First Look: Viggo Mortensen in Cormac McCarthy's The Road
If you know your cinema, you may vaguely recognize the name Cormac McCarthy. He's the brilliant author whose novel was the basis of the Oscar winning No Country for Old Men. One of McCarthy's other highly praised novels is The Road, which is being adapted this fall by up-and-coming filmmaker John Hillcoat of 2005's The Proposition. The Road is a post-apocalyptic story about a father and his son traveling to the coast in search of safety and rescue. While there is much more to the story than just that, we'll leave the discovery up to everyone on their own. The NY Times today has the first look at the atmosphere of the film, which is key, as well as details from Hillcoat and the two stars: Viggo Mortensen and Kodi Smit-McPhee.
The book takes place in a burnt out American wasteland, not long after a nuclear winter has settled in. A father and his son, traveling with only the clothes they are wearing, a pistol for protection, and a cart of scavenged food, slowly make their way down a deserted road in an attempt to get to the coast. They don't know what they'll find there, but at this point, they've got nothing else but each other and the hope that they'll find something at the end that is keeping them alive. NY Times describes the atmosphere best: "The sky is gray, the rivers are black, and color is just a memory. The landscape is covered in ash, with soot falling perpetually from the air. The cities are blasted and abandoned. The roads are littered with corpses either charred or melted, their dreams, Mr. McCarthy writes, 'ensepulchred within their crozzled hearts.'"
One movie that mind come to mind when thinking of what The Road might be like is Mel Gibson's Mad Max. Ideally, to me, it sounds like a combination of The Mist, with its bleak inescapable haze (in The Road it's ash instead), and also, sadly, Neil Marshall's disastrous Doomsday movie, another post-apocalyptic tale. Instead, John Hillcoat assures us its nothing like any of those.
"What's moving and shocking about McCarthy's book is that it's so believable," Mr. Hillcoat said. "So what we wanted is a kind of heightened realism, as opposed to the 'Mad Max' thing, which is all about high concept and spectacle. We're trying to avoid the clichés of apocalypse and make this more like a natural disaster." He imagined the characters less as "Mad Max"-ian freaks outfitted in outlandish biker wear, he added, than as homeless people. They wear scavenged, ill-fitting clothing and layers of plastic bags for insulation.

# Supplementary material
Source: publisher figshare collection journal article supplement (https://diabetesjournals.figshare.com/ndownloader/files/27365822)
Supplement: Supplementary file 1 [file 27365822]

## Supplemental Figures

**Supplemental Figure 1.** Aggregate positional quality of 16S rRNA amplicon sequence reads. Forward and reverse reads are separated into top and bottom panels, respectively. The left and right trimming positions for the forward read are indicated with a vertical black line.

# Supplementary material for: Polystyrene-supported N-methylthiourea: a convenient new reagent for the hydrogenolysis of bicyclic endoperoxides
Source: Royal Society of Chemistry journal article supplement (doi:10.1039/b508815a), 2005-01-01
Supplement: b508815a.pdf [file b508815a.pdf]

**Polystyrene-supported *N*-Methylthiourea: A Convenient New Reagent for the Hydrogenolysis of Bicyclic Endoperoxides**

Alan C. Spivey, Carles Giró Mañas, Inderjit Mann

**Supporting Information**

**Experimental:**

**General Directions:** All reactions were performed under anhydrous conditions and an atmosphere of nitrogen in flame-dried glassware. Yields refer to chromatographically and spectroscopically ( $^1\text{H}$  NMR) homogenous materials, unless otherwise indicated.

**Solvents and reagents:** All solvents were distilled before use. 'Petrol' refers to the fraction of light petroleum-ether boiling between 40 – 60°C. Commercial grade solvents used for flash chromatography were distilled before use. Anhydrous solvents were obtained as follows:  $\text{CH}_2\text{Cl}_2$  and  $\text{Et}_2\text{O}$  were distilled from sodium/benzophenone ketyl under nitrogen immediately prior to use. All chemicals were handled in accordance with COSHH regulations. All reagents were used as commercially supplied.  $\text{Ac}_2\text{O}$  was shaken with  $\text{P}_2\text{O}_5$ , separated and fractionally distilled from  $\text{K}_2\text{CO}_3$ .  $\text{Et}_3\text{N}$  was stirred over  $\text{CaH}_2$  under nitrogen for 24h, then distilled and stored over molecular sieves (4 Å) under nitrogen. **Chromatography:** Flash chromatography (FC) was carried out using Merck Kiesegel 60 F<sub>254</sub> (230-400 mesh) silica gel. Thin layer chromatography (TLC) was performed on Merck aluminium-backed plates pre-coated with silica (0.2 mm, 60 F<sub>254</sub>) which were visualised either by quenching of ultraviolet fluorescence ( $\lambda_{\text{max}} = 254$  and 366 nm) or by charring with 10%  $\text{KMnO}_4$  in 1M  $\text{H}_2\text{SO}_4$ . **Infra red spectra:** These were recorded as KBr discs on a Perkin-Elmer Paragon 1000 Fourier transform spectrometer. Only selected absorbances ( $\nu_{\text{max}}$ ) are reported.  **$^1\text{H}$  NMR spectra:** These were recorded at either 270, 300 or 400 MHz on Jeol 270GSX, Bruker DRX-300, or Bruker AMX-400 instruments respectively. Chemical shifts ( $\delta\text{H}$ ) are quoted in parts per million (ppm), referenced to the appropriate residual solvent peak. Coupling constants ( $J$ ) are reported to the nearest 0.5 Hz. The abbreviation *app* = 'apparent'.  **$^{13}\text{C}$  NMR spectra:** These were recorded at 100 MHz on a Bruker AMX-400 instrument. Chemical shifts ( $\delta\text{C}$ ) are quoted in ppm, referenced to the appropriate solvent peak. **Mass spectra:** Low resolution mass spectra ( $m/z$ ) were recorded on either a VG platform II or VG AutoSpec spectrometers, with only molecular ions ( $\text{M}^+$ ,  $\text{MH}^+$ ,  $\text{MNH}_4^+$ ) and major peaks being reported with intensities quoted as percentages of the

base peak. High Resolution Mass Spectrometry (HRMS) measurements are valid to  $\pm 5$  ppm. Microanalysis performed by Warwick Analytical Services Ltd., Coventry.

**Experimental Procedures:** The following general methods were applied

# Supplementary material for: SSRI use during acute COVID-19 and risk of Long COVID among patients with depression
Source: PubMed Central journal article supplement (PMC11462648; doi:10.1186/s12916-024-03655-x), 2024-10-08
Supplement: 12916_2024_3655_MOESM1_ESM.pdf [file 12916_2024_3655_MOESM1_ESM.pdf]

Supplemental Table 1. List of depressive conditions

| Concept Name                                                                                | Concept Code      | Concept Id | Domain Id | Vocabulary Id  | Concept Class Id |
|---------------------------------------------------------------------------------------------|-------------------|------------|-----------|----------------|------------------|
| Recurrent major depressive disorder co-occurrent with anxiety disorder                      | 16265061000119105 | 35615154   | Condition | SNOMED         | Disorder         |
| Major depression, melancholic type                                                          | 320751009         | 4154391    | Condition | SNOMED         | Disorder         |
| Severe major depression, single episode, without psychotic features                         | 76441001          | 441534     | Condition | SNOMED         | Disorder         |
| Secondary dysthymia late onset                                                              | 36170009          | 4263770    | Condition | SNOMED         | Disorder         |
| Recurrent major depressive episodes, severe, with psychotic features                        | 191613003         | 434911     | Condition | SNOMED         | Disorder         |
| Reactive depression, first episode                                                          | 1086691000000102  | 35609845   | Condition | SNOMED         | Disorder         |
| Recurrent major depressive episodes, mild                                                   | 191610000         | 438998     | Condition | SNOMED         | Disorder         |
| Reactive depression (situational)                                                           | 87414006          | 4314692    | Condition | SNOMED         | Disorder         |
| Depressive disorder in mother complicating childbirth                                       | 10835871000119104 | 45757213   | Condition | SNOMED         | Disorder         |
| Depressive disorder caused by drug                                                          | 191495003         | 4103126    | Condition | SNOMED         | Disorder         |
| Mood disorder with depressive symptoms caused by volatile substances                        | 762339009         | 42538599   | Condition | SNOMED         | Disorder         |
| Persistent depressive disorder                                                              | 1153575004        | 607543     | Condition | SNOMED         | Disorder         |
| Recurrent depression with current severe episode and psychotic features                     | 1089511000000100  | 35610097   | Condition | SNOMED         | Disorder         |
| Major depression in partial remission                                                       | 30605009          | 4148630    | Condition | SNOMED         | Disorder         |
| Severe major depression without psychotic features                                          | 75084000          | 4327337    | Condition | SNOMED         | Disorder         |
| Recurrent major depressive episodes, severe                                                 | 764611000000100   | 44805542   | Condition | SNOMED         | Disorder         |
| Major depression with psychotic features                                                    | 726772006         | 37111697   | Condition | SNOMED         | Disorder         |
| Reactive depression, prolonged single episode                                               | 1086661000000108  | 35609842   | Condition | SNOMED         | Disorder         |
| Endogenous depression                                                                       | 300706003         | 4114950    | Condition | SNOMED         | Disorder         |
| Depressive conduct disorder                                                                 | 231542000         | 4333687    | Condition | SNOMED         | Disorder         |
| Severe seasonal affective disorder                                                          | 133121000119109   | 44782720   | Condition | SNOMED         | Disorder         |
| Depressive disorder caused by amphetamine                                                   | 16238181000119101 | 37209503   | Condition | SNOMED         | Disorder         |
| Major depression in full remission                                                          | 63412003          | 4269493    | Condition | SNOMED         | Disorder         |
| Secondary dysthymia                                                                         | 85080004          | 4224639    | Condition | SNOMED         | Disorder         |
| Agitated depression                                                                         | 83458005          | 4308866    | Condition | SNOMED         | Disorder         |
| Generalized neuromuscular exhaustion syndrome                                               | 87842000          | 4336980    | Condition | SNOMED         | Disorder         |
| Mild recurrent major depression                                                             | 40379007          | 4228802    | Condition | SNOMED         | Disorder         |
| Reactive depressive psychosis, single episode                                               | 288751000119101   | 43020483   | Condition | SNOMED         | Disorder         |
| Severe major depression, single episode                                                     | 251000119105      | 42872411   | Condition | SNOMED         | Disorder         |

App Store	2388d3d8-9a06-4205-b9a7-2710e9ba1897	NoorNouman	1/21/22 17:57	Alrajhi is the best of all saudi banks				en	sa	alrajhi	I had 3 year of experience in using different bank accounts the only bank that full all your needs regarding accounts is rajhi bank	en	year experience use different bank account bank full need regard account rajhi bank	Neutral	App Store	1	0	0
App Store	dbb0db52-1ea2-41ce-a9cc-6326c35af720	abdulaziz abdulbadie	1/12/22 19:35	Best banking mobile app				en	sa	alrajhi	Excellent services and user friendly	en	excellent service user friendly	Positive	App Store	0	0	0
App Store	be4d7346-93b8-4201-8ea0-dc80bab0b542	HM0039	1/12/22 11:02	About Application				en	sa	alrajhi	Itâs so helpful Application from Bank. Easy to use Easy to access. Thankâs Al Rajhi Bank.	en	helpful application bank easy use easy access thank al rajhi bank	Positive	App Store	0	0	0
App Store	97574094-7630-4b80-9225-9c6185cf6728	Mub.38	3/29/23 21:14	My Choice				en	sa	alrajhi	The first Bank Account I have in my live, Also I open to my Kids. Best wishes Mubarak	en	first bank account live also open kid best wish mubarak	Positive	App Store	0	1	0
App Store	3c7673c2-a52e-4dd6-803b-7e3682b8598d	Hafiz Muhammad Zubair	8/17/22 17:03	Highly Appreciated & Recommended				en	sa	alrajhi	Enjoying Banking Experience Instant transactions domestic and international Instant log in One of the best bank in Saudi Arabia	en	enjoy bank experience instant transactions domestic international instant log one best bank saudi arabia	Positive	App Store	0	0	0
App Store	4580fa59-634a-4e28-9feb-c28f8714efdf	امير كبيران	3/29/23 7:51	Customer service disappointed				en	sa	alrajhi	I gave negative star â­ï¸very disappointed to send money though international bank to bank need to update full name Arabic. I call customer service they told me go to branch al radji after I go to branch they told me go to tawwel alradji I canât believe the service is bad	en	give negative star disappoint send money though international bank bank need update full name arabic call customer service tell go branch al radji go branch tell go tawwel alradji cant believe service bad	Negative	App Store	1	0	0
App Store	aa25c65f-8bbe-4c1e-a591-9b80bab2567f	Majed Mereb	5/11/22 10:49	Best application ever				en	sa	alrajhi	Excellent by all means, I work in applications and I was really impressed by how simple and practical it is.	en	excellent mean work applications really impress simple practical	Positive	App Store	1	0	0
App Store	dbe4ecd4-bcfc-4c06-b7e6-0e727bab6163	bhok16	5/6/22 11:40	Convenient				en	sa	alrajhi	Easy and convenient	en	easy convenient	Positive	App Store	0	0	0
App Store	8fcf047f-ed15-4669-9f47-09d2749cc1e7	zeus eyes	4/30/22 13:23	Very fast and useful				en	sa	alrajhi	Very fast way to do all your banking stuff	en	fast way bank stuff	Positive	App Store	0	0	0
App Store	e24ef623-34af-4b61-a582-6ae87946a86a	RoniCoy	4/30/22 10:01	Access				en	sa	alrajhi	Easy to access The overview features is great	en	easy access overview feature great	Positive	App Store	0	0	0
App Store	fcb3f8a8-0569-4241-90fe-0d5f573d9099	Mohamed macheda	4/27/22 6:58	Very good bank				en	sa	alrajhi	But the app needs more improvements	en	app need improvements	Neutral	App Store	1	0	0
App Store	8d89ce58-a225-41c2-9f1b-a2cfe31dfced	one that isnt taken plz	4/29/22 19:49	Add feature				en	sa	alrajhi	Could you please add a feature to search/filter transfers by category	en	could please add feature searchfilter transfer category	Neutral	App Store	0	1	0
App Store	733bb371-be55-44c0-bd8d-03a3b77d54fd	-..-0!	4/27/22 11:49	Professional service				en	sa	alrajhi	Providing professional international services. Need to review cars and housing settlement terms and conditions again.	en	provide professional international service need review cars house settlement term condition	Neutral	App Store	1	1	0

Another concern, for those who are fans of McCarthy's novel, is how faithful this adaptation will be to the original work. Fortunately, screenwriter Joe Penhall has done a formidable job in staying "extremely faithful" to the story. "The script does enlarge and develop in flashback the role of the man's wife (played by Charlize Theron), who disappears quite early from the novel." However, it "lacks Mr. McCarthy's heightened, almost biblical narrative style," which is thankfully a good thing. Instead, Hillcoat says that some of McCarthy's style and feeling will come from the look, but also from "the nature of the bond between the man and the son," which is made up purely by the performances of Viggo Mortensen as the father and Australian newcomer Kodi Smit-McPhee as the son.
The NY Times article continues with a great on-set story about how phenomenal both Mortensen and Smit-McPhee are working together. "Days after the filming of a climactic, emotional scene, people on the set were still marveling at Kodi's performance." Apparently Smit-McPhee has done such a great job that it's caused people on-set to tear up while filming scenes. Mortensen also chimes in with his thoughts on the story and progress.